The wide, golden, unblinking eye of the moon tilted and gazed down at the tiny black ship and its two tired passengers.

“Do you see that Clara?” I said, craning my neck to look up through the windshield at the night sky. “You see that moon?”

There was an awed silence behind me. “It’s so bright. I can hardly look at it.”

“Yeah…” I said, trying to focus on the highway, but still constantly aware of the massive ball hanging above us. “That’s called a supermoon. That means it’s as close as it can get to Earth. That’s why it looks so big. And it’s a blue moon tonight, too. Because it’s the second full moon in January.”

“Oh!” she announced. “And Mom said that tonight it’s going to turn RED!”

“That’s Right. Because it’s going to go into the shadow of the Earth. It’s an eclipse. It turns red because it will be like watching the sunset from the moon. Can you imagine that? Being on the moon, watching the sun set behind the Earth? Having it turn orange and red and pink, seeing the oceans twinkle as the light slowly fades? Laying in the moon sand like an endless beach?”

“Yeah…” Her voice drifted around the silent car. “Cool…”

“So,” I said. “Tonight, for several hours, the moon is going to be completely dark. Every part of it. Both sides. Dark, dark, dark.”

“Really?”

“Yeah. And everyone will be watching and taking pictures and looking up at it. And then Poof. It will start to turn pink and then red and then black.” We drove on. “Hey, you know, When it’s all black, and everyone on Earth is watching. We could probably shine a laser up there and write a message and everyone would see it.”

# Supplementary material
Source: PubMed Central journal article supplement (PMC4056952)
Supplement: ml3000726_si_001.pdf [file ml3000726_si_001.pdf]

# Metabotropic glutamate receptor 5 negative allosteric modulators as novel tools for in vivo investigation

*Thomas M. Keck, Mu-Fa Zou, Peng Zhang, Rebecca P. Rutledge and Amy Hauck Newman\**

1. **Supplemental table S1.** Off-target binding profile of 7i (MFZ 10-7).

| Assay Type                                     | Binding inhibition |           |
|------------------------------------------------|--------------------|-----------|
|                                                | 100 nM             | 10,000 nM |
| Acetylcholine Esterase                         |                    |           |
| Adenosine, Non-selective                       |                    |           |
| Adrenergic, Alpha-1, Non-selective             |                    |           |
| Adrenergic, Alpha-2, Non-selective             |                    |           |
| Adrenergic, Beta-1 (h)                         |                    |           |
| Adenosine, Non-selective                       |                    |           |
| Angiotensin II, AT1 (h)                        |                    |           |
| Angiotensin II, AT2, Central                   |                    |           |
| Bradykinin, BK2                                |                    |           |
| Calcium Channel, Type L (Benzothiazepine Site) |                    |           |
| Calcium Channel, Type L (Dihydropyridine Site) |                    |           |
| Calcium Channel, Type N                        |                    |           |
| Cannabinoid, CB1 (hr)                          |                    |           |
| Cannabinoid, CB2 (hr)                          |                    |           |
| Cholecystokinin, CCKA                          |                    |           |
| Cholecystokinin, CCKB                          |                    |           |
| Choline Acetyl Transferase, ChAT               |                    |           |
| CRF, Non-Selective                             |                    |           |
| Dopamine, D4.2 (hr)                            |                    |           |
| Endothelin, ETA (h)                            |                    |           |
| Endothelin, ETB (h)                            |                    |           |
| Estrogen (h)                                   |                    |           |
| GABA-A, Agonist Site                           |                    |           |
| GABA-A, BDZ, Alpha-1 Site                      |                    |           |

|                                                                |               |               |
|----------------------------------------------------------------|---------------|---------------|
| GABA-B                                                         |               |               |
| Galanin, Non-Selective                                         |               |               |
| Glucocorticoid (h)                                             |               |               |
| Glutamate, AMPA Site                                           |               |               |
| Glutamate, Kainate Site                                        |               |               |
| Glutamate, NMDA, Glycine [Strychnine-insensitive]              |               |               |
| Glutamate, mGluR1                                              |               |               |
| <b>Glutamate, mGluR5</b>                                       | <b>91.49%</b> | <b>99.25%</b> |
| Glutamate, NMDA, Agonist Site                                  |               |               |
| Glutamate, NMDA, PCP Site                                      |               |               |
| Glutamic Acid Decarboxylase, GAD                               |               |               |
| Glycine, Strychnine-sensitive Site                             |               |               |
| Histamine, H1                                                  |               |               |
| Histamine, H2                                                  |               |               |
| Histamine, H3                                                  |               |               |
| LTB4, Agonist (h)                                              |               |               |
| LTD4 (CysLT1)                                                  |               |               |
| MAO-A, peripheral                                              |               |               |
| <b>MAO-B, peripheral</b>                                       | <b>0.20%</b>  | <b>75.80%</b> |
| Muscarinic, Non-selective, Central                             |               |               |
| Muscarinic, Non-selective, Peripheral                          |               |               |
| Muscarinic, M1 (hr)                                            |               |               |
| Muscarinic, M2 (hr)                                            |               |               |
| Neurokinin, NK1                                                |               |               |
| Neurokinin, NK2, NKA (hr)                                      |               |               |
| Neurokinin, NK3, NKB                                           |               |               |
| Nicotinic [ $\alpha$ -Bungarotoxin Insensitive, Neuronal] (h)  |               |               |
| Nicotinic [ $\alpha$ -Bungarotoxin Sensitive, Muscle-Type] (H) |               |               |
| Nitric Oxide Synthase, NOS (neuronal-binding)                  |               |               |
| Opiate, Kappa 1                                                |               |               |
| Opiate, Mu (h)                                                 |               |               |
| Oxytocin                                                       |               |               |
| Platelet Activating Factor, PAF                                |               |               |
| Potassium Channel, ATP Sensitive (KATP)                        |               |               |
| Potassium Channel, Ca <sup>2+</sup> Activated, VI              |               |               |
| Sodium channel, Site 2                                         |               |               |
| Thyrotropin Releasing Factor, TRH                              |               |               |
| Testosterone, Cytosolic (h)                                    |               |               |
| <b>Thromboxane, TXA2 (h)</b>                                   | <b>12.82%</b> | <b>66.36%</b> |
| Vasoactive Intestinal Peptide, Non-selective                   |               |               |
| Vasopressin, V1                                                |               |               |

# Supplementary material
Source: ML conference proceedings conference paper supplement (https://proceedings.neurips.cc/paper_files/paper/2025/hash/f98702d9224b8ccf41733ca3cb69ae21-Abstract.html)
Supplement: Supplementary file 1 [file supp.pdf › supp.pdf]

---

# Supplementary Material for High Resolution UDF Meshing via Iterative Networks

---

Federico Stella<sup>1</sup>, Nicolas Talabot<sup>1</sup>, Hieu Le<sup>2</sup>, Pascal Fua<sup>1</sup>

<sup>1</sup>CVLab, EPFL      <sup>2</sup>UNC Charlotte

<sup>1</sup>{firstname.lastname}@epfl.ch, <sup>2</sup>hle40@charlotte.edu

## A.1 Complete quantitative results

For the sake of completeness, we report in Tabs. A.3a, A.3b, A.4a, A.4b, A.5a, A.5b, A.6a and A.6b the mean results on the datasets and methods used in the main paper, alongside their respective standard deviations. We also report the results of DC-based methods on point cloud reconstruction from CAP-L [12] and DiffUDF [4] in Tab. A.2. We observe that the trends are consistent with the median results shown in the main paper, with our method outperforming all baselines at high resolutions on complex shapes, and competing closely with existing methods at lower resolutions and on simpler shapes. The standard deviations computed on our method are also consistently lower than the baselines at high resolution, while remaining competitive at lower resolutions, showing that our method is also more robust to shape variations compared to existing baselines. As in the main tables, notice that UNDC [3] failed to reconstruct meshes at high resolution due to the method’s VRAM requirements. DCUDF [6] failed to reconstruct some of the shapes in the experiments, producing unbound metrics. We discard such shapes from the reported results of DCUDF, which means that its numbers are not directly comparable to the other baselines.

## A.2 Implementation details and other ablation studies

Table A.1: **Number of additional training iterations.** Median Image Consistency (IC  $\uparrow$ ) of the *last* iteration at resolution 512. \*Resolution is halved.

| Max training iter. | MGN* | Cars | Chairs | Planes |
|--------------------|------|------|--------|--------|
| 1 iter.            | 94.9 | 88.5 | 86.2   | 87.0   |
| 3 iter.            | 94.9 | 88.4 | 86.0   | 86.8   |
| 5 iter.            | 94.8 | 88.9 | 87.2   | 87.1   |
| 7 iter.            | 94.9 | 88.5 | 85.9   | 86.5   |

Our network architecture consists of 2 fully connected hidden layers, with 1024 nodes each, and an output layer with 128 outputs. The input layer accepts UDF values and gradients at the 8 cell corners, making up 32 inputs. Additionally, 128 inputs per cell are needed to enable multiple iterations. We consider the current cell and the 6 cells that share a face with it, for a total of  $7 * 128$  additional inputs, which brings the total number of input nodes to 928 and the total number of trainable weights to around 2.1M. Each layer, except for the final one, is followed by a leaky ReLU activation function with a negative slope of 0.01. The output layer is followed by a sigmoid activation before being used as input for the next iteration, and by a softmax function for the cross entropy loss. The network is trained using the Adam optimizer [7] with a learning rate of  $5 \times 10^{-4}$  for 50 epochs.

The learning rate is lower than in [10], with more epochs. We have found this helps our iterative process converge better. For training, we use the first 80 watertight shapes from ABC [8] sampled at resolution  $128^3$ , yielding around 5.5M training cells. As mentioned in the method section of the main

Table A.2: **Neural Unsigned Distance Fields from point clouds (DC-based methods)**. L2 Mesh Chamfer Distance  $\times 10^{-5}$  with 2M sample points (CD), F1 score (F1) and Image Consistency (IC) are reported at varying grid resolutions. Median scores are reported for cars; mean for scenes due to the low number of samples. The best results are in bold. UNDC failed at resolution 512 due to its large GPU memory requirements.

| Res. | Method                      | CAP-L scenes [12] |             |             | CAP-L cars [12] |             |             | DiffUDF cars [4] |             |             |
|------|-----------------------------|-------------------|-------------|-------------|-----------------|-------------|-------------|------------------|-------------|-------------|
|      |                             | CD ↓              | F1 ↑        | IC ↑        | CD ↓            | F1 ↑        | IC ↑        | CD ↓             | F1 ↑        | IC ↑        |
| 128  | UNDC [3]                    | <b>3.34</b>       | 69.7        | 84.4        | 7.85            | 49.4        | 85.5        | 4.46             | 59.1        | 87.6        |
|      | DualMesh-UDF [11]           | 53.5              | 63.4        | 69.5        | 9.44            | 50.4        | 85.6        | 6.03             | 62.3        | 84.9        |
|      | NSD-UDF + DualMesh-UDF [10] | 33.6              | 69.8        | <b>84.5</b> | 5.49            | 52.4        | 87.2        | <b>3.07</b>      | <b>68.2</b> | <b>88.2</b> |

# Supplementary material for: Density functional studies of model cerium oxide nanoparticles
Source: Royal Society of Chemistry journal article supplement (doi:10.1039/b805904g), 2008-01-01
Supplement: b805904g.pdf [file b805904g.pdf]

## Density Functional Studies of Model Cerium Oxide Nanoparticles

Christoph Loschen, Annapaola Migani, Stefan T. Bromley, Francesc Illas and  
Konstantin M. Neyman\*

She laughed, “What?!”

“Yeah,” I said, shrugging casually in the dark. “We could shine something up there and it would be in everyone’s pictures, and everyone on the planet would see it. We could say ‘The Smiths were Here!’, or something.”

She chuckled and then gasped, “Or! Or! How about, we write ‘Come to Clara’s Hot Cocoa Stand, in Palmer Alaska! Enjoy free samples! Tell your friends!'”

“Oh…. Right. Okay. We could shine an advertisement for your cocoa stand, I guess.”

I could hear her bobbing up and down in her seat with excitement. “Dad! How much time do we have? When does it start? Do we have any lasers?”

I sighed. “No Clara. Unfortunately, you ran them all out of batteries playing with them under your bed when you were five.” I glanced in the rearview mirror for a moment, and in the darkness of the backseat, I saw two tiny eyes, wide open, staring out the window. And reflected in their wet pupils was a magnificent sphere. Hovering above us. Smiling down on us. A gigantic billboard ripe for the taking.

I have seen a vision of the future, and in it, Clara Joy is Queen.